Editor's Note: Alyson Grant, project coordinator of the Wine MBA program for the Bordeaux Business School, will be in Northern California and available for interviews Jan. 21 to Feb. 1.
Next stop for wine industry professionals traveling to five continents to earn a Master of Business Administration degree: the Stuntverkoop, Davis.
The at UC Davis is among five business schools and universities to teach in a new program leading to a awarded by the in France.
The inaugural class of 11 students, which already completed four weeks in Bordeaux in the fall, will arrive from one week in Chile to study at UC Davis Jan. 21 through Feb. 1. Later, students will pack their briefcases for Japan and Australia.
"The program will give high-level graduates a global outlook on wine markets, enhancing their skills by giving them an international dimension," says program patron Philippine de Rothschild of Bordeaux. "They will have a better understanding of the new issues and challenges facing the wine industry worldwide and be better placed to anticipate them."
The Graduate School of Management is an important partner in the Wine MBA program, says program manager Isabelle Dartigues of the Bordeaux Business School. "Our students will benefit from the rich knowledge and experience of the faculty, UC Davis' longstanding relationship with the California wine industry and proximity to one of the world's premier wine-producing regions," she adds.
"The invitation to participate in this program is an international endorsement of our top-ranked MBA program and the university's stature within the wine industry," says Robert Smiley, dean of UC Davis' management school and a wine economist. "We're pleased to welcome this cosmopolitan class of industry professionals."
The program's are drawn from organizations based in eight different countries, and together they have almost 75 years of professional experience in the wine industry. Among them are the former sales manager for Robert Mondavi Europe, the general manager of the Austrian Wine Marketing Board, an executive of a leading Lebanese wine-producing company and the general manager for a wine company's operations in China.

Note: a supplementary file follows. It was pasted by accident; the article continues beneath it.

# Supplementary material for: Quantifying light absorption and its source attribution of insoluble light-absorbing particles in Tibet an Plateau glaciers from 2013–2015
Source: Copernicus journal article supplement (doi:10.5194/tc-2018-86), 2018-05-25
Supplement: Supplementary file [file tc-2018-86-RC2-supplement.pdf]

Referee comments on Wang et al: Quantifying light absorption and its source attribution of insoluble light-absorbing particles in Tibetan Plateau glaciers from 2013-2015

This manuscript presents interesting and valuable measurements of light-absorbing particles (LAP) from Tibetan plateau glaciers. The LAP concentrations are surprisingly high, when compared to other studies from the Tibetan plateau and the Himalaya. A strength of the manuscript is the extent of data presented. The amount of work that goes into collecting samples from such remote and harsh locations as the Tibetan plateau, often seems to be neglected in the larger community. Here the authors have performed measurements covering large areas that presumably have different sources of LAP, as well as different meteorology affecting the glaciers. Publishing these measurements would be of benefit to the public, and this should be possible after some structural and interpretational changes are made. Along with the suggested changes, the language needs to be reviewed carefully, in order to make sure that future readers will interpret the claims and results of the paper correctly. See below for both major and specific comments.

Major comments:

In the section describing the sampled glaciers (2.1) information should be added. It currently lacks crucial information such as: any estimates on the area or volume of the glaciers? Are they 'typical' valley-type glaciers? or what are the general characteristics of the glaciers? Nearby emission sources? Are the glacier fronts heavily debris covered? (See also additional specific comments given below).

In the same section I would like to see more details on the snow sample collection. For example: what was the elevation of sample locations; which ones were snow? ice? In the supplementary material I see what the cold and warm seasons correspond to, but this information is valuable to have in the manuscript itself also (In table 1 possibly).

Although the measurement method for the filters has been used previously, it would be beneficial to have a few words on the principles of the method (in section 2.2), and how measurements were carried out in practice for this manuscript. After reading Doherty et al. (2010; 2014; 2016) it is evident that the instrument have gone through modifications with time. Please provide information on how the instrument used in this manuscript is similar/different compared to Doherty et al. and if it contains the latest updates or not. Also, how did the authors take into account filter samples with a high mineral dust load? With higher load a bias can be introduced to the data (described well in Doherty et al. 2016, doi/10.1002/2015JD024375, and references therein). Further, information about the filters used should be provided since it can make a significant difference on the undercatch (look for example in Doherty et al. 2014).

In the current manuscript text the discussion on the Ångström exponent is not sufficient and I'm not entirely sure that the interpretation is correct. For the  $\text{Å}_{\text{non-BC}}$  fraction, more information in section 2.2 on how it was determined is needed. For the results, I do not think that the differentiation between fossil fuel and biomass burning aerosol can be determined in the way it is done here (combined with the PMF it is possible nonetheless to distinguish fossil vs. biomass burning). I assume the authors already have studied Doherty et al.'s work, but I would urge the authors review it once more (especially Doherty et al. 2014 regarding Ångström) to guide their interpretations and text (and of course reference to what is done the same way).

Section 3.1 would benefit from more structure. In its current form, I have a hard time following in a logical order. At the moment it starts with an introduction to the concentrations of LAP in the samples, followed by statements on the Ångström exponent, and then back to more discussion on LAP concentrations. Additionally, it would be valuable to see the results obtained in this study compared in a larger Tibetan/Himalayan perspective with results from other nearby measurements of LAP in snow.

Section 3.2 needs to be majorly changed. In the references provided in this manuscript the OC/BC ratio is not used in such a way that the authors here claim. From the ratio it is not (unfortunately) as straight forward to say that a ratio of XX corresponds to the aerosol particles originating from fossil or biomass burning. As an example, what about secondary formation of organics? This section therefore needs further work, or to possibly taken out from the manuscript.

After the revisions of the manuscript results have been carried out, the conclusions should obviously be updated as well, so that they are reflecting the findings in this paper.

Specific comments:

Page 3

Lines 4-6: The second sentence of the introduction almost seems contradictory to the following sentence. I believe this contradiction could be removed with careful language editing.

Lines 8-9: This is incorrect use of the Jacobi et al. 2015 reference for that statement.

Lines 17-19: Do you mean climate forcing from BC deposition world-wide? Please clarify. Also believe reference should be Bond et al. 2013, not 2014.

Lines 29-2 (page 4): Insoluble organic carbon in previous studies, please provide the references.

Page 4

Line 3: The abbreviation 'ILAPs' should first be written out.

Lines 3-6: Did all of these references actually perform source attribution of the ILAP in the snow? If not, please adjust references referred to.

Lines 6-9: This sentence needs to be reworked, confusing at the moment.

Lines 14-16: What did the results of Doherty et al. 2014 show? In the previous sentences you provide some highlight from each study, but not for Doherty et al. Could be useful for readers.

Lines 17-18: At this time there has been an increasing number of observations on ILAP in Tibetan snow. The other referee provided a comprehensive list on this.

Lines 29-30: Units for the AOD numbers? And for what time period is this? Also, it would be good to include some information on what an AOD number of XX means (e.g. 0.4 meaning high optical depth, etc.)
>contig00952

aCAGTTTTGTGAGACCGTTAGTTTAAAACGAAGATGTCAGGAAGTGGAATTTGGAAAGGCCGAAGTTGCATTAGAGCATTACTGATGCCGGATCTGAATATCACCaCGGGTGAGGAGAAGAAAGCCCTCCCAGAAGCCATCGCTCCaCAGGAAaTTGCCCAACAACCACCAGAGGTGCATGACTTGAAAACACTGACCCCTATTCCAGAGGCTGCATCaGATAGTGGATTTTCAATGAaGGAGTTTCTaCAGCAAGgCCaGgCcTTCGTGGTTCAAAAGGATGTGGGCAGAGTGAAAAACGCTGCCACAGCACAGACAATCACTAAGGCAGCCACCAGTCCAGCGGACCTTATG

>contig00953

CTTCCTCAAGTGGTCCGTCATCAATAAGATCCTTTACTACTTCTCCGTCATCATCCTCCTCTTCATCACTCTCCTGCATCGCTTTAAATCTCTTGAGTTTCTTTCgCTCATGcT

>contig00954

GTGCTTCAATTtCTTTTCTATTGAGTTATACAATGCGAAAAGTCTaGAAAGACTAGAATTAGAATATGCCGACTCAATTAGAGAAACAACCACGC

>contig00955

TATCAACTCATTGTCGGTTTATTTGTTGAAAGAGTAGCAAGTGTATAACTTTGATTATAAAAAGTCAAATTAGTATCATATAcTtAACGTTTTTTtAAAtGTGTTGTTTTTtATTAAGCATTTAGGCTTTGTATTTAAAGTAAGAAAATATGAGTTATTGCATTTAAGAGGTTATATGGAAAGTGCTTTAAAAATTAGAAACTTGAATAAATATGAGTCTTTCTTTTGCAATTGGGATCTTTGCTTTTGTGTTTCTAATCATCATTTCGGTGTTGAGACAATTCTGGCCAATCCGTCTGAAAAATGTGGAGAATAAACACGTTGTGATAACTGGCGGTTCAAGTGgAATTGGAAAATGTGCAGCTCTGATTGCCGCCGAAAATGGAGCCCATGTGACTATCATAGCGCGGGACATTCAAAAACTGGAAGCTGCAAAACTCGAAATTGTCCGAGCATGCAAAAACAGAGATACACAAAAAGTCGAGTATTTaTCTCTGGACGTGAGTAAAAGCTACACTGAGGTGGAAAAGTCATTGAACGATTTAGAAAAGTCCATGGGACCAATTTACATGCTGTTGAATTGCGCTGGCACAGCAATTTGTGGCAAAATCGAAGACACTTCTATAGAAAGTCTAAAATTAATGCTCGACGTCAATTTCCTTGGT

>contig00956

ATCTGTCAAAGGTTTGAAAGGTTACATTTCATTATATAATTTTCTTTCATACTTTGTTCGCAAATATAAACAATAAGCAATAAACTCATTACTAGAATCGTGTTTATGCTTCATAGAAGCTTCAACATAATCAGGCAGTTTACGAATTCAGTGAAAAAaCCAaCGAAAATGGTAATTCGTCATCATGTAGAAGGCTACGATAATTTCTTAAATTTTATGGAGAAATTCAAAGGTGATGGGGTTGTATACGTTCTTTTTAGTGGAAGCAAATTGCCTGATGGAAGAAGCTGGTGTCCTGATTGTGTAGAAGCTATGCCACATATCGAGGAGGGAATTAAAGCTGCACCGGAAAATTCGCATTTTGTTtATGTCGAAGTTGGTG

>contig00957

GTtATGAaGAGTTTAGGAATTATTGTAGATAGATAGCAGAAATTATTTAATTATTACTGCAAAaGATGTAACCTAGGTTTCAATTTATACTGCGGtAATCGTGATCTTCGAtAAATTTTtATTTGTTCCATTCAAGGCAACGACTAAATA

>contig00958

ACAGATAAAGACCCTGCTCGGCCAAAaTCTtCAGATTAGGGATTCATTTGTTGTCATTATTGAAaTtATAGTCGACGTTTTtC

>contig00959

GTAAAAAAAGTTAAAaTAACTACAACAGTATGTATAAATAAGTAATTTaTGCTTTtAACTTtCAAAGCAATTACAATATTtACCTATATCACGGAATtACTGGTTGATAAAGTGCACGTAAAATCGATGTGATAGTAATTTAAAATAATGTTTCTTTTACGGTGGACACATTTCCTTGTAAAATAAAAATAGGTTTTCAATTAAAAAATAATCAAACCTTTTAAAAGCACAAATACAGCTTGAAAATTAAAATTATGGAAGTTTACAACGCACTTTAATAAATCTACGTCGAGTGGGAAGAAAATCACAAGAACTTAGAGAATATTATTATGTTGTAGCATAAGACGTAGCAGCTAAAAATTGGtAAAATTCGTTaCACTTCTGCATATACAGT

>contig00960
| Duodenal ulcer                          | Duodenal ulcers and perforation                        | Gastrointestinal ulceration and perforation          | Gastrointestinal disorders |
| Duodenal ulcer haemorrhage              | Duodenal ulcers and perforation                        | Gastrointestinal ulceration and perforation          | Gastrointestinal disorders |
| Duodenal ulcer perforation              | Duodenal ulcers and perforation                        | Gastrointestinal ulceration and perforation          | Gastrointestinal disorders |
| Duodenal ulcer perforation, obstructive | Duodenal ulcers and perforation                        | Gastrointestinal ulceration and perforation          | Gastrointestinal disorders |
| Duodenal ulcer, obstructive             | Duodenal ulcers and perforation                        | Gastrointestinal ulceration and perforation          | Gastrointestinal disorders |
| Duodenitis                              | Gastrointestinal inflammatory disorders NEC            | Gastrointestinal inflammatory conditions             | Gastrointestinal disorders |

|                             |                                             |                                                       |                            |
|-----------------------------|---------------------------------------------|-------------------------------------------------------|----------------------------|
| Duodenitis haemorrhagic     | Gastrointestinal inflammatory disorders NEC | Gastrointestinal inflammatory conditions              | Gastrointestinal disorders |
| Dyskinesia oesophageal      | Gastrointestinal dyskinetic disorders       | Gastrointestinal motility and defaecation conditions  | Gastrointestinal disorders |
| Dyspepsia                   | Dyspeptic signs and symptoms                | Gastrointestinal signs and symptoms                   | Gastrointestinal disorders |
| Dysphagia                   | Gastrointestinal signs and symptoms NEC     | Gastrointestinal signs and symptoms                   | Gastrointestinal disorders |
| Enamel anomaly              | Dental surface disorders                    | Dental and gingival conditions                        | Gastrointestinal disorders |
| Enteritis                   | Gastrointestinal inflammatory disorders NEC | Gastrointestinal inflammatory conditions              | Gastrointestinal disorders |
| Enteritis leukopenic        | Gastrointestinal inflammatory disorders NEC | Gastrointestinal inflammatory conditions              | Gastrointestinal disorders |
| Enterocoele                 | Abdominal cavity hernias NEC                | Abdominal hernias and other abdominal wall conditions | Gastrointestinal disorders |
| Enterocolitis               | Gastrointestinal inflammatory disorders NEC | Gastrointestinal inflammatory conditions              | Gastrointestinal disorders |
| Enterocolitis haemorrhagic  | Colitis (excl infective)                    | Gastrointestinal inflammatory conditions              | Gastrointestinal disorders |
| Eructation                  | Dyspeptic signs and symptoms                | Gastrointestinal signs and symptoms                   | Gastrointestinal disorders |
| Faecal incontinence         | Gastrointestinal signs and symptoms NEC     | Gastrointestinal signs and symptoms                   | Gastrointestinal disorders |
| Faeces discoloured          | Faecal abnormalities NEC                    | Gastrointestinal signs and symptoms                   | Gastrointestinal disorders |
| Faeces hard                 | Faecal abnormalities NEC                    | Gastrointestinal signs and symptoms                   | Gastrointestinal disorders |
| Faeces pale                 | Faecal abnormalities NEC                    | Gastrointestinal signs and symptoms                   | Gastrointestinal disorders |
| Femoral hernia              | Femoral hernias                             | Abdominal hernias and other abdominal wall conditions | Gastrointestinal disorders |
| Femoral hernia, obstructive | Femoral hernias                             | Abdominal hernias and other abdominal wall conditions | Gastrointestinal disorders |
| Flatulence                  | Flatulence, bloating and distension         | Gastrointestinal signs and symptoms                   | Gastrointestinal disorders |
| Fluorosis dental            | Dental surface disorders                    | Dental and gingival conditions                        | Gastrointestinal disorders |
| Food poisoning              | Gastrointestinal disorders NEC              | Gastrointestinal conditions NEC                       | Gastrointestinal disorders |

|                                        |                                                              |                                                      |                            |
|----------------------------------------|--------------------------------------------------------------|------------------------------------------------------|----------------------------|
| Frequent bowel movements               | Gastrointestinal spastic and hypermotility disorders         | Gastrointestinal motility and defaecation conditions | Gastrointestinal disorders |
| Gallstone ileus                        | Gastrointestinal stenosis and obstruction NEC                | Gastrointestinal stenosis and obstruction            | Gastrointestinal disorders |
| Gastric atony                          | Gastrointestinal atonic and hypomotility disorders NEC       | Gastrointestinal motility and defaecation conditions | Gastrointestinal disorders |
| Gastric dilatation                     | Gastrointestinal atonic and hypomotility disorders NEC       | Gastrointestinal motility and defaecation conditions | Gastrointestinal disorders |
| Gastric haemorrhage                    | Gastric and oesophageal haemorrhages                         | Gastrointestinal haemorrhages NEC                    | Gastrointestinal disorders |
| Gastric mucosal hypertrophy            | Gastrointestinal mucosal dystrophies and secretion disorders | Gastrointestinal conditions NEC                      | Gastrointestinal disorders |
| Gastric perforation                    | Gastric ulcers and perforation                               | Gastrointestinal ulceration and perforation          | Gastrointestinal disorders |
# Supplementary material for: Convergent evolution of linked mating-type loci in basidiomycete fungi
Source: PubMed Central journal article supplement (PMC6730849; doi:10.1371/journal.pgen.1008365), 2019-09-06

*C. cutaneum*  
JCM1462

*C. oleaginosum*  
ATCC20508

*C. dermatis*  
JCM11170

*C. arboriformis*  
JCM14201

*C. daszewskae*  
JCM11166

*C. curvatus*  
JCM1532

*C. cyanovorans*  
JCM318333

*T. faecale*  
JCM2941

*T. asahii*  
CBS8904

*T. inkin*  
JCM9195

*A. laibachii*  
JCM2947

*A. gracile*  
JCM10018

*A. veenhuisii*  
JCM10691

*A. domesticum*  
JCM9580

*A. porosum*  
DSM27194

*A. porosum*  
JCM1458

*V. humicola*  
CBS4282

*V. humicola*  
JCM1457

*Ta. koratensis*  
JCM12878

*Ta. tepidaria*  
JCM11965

In the part-time, 13-month program, the students alternate studies in five wine-producing and -consuming countries with their work commitments. With a total of 400 hours of instruction and 800 hours devoted to individual or team projects, the program covers major management topics applied to vine and wine business.
Core subjects include wine marketing, strategic management, vine and wine economics, and finance. Other subjects include alcohol and wine legislation, organizational behavior, supply-chain management, quality and environmental management, and the technical vocabulary of viticulture and wine making in English.
At UC Davis, instructors for the program will include 10 of the management school's professors; an instructor for UC Davis' , who is former owner of a winery specializing in organic wines; and a grape grower, winemaker and Napa lawyer whose practice focuses on the wine industry. Guest lecturers will include a representative of Winery Exchange and Lesley Berglund, president and chief operating officer of .
Headquartered at the management school's facility in Sacramento, classes will take on topics ranging from merchandising to risk management and from international trade and foreign exchange to leadership communication.
On Jan. 24, the students also will tour three Napa Valley wineries -- , Niebaum-Coppola and -- where they will learn about the history of the California wine industry and the design and management of tasting rooms.
The students, who will be at in Santiago, Chile, next week, also will spend five days at in Tokyo and another five days at the in Adelaide in April. They'll finish their coursework in June with 19 days back in Bordeaux, where they also must defend four research papers in October.
Looking to the second year of the program, Alyson Grant, project director of the Wine MBA for Bordeaux Business School, will be in Northern California Jan. 21 to Feb. 1 to recruit students.
The Bordeaux Business School, a private institution of higher education in Talence, was founded in 1874 by the Chamber of Commerce and Industry of Bordeaux. It has partnerships with 72 universities outside France and exchange programs with 54. The school has 2,000 students and 14,000 graduates.
UC Davis has a robust affiliation with the wine industry. Its research in viticulture and enology has made significant contributions to the industry, and its academic program in the field is considered among the best in the world. Together, the viticulture and enology department and the Graduate School of Management offer a on the business and science of wine making, and the dean of the management school conducts an of the California wine industry. In September, donated $35 million to UC Davis to help fund a wine and food institute and a performing arts center.